Monday, February 9, 2009

Not the hemlock way (?)

Check out the funky shadows.

In Paulik Park there is a western hemlock snag, broken off neatly about seventeen feet above the ground. It's one of many large conifers that make up an acre or so of forest. It's in a relatively sheltered recess at the southern edge of the forest, partially surrounded by similarly-sized hemlock, Douglas fir, Sitka spruce and western red cedar. The ground is low-lying, frequently wet, and the soil is modified from what historically had been the top stratum of a peat bog. The DBH (diameter at breast height) is 23 inches (58 cm). I wonder, how the heck did the top snap off? Wind would seem an obvious answer, but the tree is far from exposed, and trunk failure in response to wind is not the hemlock way.

Different conifers behave differently in the wind (N.B.: these are my untested observations, so don't include any of this in your school reports, kids).

Rigid, straight-armed spruces twist and sway like sky-scrapers.

Wind-damaged Douglas fir.

Douglas firs sacrifice boughs, which go flying. They fall like eighty-pound shuttlecocks, butt-end first, and can land with an impact sufficient to puncture a roof or shatter a flagstone. Straight down onto soil they become instant trees. You don’t want to stand near Douglas firs during high winds.

Western hemlock windthrow.

Hemlocks, with their shallow root systems adapted for drawing water from surface soil, tend to fall over, roots and all. This is the hemock way. Much of the blow-down during the great Stanley Park windstorm of December 2006, especially where there were large areas of windthrow, was second-growth western hemlock.

Back to the Paulik Park mystery snag. Most of the snapped-off trunk was hauled away, but the foot or two immediately beyond the break was left behind. I suppose someone wanted a log with a cleanly cut end. In any case, a ring-count of the remaining bit reveals that when its top snapped off, the tree was 49 +/- 2 years old. A large, mature, but still youthful tree. Could wind have broken its bole?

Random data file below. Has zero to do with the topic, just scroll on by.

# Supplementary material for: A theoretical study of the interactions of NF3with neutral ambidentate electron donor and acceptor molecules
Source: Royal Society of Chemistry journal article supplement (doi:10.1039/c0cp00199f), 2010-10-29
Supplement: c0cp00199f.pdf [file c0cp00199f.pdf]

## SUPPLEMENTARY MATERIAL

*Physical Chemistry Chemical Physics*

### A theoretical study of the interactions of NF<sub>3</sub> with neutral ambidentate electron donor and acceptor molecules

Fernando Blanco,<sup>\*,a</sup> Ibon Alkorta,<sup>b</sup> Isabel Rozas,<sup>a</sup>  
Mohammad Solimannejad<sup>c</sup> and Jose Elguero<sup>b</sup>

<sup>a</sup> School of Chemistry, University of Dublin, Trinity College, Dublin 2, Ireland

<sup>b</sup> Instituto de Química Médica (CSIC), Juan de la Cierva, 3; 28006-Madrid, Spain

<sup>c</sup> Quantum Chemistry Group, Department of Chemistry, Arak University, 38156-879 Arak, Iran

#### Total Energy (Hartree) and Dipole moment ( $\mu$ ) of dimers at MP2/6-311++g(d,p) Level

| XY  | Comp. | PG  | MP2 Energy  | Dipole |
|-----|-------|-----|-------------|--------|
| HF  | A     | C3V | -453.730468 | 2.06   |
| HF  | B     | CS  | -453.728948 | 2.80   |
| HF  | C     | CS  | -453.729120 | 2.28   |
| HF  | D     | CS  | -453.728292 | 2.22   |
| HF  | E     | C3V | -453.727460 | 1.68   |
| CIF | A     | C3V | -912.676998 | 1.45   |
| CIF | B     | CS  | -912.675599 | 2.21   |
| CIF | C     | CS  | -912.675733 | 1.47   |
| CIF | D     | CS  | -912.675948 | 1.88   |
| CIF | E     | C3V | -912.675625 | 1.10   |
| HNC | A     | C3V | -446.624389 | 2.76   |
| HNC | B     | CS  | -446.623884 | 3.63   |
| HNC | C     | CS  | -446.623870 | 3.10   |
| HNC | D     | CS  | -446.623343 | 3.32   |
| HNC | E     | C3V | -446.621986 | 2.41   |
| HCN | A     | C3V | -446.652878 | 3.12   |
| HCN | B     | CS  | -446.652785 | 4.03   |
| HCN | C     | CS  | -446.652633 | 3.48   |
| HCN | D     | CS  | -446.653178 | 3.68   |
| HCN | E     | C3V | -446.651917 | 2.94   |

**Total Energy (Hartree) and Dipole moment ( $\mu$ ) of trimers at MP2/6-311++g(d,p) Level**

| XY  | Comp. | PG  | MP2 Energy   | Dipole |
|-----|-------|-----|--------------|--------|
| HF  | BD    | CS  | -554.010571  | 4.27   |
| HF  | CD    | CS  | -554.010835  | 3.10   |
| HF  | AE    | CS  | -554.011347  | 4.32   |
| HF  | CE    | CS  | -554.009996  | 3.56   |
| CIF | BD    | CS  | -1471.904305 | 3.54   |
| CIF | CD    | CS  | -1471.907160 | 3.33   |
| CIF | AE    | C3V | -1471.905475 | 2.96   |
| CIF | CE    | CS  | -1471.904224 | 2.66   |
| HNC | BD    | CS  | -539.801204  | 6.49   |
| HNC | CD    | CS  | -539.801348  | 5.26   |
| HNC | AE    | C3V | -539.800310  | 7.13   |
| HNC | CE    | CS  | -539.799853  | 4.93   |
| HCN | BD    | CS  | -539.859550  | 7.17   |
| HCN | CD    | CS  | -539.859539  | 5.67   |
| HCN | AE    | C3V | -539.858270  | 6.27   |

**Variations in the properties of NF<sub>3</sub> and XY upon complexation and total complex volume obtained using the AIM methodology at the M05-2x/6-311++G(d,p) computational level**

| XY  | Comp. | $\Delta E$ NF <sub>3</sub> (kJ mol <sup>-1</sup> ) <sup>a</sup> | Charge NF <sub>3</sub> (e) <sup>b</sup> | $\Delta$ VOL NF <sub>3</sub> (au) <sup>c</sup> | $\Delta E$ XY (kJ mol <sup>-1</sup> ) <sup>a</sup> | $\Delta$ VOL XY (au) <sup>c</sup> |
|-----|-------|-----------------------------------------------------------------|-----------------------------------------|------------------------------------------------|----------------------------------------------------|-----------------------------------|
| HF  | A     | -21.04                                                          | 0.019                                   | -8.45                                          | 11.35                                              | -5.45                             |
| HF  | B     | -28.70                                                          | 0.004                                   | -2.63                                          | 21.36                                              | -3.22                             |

A tidbit from Wikipedia:"In forestry, windthrow refers to trees uprooted or broken by wind. Breakage of the tree bole instead of uprooting is sometimes called windsnap."

Whimsy: Ha, but is it windsnap if no one hears it?

Ow.



5 comments:

jodi (bloomingwriter) said...

What a neat post! I had never thought so much about how trees do fall or break. We see evidence of this windsnap in some of our softwoods (spruce, generally, I think) but I will have to ask my husband to be sure. He works in his woodlot (by hand, I hasten to add, no clearcutting or anything like that and there's a lot of wind on that ridge. I'll be curious to find out what he says. Thanks for writing about this. It makes a great topic.

Anonymous said...

I'm examining a similar Hemlock break, it happened recently to an Eastern Hemlock on conservation land in central MA. A 85 footer (20" Diam.) snapped off completely, leaving a shattered 6' stub. I'm not convinced a 12/11/08 ice storm here was capable of taking down such strong and healthy Hemlock, I wish I could come up with an answer though. Jim

Hugh said...

Yes, it sounds like a similar mystery.

Anonymous said...

Hello Hugh, I'd like to follow up my 3/5 post: I did find some punky wood near the fracture of the 85' Eastern Hemlock that snapped off here in MA. Case closed on that one!
During investigation with a friend, we came upon another Eastern Hemlock snapped clean leaving a 18' - 20' stub standing..., just like the one in your photo. The rest of it was laying nearby. The broken end looked like 100's of toothpick ends sticking out, hard & pointy, no punk wood on this one.
It had stood among other tall trees. Chock up another. Thanks, Jim

Hugh said...

Jim,

Thanks for the follow-up. It would be interesting to see whatever happened, happen. Something powerful occurred.

Curious indeed.